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J Cell Physiol. 2007 Dec;213(3):635-41.

Integration of signaling pathways regulating chondrocyte differentiation during endochondral bone formation.

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  • 1Department of Biochemistry, University of Pennsylvania School of Dental Medicine, Philadelphia, Pennsylvania 19104-6030, USA.


During endochondral bone formation, chondrocytes undergo a process of terminal differentiation or maturation, during which the rate of proliferation decreases, cells become hypertrophic, and the extracellular matrix is altered by production of a unique protein, collagen X, as well as proteins that promote mineralization. The matrix surrounding the hypertrophic chondrocytes eventually becomes mineralized, and the mineralized matrix serves as a template for bone deposition. This process is responsible for most longitudinal bone growth, both during embryonic development and in the postnatal long bone growth plates. Chondrocyte maturation must be precisely controlled, balancing proliferation with terminal differentiation; changes in the rate of either proliferation or differentiation result in shortened bones. Numerous signaling molecules have been implicated in regulation of this process. These include the negative regulators Indian hedgehog (Ihh) and parathyroid hormone-related protein (PTHrP; Pthlh, PTH-like hormone), as well as a number of positive regulators. This review will focus on several positive regulators which exert profound effects on chondrocyte maturation: the thyroid hormones T3 and T4, retinoic acid (the major active metabolite of vitamin A) and bone morphogenetic proteins (BMPs), as well as the transcription factor Runx2. Each of these molecules is essential for endochondral bone formation and cannot compensate for the others; abrogation of any one of them prevents differentiation. The important features of each of these signaling pathways will be discussed as they relate to chondrocyte maturation, and a model will be proposed suggesting how these pathways may converge to regulate this process.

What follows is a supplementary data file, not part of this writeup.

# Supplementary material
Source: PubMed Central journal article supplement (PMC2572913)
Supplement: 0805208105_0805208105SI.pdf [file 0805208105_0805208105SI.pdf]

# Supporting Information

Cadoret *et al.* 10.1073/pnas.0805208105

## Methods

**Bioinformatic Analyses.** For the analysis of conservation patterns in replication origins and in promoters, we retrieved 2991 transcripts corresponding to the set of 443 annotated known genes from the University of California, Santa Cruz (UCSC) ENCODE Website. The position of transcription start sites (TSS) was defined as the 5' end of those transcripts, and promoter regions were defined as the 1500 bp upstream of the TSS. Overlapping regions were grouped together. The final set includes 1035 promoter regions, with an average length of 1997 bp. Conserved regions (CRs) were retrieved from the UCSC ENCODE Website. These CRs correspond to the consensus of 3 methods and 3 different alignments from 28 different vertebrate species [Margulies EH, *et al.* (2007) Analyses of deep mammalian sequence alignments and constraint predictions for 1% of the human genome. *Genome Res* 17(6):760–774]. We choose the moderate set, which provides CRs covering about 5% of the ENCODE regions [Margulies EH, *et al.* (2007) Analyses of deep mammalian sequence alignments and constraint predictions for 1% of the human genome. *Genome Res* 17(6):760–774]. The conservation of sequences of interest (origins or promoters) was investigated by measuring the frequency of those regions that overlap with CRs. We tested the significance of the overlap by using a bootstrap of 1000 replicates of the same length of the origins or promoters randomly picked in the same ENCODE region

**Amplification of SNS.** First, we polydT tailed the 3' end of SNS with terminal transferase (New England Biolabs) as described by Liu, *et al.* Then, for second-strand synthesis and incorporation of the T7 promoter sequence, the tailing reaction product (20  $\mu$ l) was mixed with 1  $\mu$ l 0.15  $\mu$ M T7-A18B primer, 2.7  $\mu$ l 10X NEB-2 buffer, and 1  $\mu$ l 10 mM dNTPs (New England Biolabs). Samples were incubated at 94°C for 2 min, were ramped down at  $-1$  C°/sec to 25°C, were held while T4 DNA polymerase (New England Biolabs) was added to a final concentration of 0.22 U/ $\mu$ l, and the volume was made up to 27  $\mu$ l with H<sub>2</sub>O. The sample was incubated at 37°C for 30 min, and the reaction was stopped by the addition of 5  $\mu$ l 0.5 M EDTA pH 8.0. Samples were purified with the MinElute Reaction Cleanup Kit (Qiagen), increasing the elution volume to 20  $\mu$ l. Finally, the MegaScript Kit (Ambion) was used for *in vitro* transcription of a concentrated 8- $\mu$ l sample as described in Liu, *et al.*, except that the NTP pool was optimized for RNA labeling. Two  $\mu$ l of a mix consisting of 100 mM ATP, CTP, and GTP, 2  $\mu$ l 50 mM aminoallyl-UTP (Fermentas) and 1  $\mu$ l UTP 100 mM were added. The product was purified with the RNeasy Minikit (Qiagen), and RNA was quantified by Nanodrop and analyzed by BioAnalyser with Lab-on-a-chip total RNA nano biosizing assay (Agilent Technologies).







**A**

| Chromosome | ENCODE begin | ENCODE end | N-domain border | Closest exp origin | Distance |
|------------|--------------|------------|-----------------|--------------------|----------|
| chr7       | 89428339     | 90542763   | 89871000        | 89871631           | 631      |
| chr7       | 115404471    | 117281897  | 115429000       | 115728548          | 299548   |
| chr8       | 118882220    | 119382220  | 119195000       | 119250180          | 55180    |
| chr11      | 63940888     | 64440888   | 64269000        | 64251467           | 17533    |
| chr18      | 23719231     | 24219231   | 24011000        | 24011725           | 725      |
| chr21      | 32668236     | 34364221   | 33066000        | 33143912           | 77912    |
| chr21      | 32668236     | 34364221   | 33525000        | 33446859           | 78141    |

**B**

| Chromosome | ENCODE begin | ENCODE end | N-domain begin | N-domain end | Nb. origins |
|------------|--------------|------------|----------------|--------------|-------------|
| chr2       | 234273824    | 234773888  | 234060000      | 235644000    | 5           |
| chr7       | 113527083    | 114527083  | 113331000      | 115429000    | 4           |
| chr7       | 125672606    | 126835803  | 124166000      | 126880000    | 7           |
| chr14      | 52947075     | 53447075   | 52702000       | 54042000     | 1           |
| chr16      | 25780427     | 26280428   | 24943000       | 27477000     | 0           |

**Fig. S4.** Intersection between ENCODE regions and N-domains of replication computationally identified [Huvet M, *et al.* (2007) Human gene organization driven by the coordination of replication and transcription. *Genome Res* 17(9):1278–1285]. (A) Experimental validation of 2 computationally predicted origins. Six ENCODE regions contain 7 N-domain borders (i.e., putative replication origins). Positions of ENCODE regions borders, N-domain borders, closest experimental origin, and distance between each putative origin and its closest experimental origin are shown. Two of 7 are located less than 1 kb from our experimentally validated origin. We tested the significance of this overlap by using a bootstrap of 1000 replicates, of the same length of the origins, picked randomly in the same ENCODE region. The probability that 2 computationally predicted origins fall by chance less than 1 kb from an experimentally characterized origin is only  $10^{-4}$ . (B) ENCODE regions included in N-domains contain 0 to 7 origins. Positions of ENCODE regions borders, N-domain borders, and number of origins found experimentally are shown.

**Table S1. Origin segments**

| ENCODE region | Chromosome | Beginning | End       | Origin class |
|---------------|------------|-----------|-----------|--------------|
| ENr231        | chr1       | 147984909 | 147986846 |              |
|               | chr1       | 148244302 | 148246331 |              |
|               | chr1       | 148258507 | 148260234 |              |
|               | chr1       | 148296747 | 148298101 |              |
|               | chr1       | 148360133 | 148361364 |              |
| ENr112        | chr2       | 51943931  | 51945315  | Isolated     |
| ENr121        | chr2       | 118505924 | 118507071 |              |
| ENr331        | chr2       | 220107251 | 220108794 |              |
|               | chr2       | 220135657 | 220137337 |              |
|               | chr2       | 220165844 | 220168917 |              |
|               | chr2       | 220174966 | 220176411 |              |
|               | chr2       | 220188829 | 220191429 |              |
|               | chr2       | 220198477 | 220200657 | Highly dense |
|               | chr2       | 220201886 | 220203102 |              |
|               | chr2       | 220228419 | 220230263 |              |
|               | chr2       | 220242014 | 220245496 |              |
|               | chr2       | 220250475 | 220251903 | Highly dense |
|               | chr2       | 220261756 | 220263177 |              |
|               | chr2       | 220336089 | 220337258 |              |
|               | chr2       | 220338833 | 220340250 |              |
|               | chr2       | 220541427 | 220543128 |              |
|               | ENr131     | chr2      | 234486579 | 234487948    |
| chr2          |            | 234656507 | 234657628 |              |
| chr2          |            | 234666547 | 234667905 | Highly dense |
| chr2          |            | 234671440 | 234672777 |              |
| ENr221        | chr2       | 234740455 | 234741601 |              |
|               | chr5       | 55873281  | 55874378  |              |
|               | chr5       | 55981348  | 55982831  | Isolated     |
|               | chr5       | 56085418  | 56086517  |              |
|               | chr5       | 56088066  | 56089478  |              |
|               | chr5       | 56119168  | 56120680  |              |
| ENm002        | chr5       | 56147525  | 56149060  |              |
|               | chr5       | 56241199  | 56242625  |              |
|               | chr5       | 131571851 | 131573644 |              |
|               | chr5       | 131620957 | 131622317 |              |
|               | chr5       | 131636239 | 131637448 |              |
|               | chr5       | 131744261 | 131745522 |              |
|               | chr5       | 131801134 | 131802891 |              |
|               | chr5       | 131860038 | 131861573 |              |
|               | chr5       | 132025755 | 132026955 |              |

2007 Wiley-Liss, Inc.

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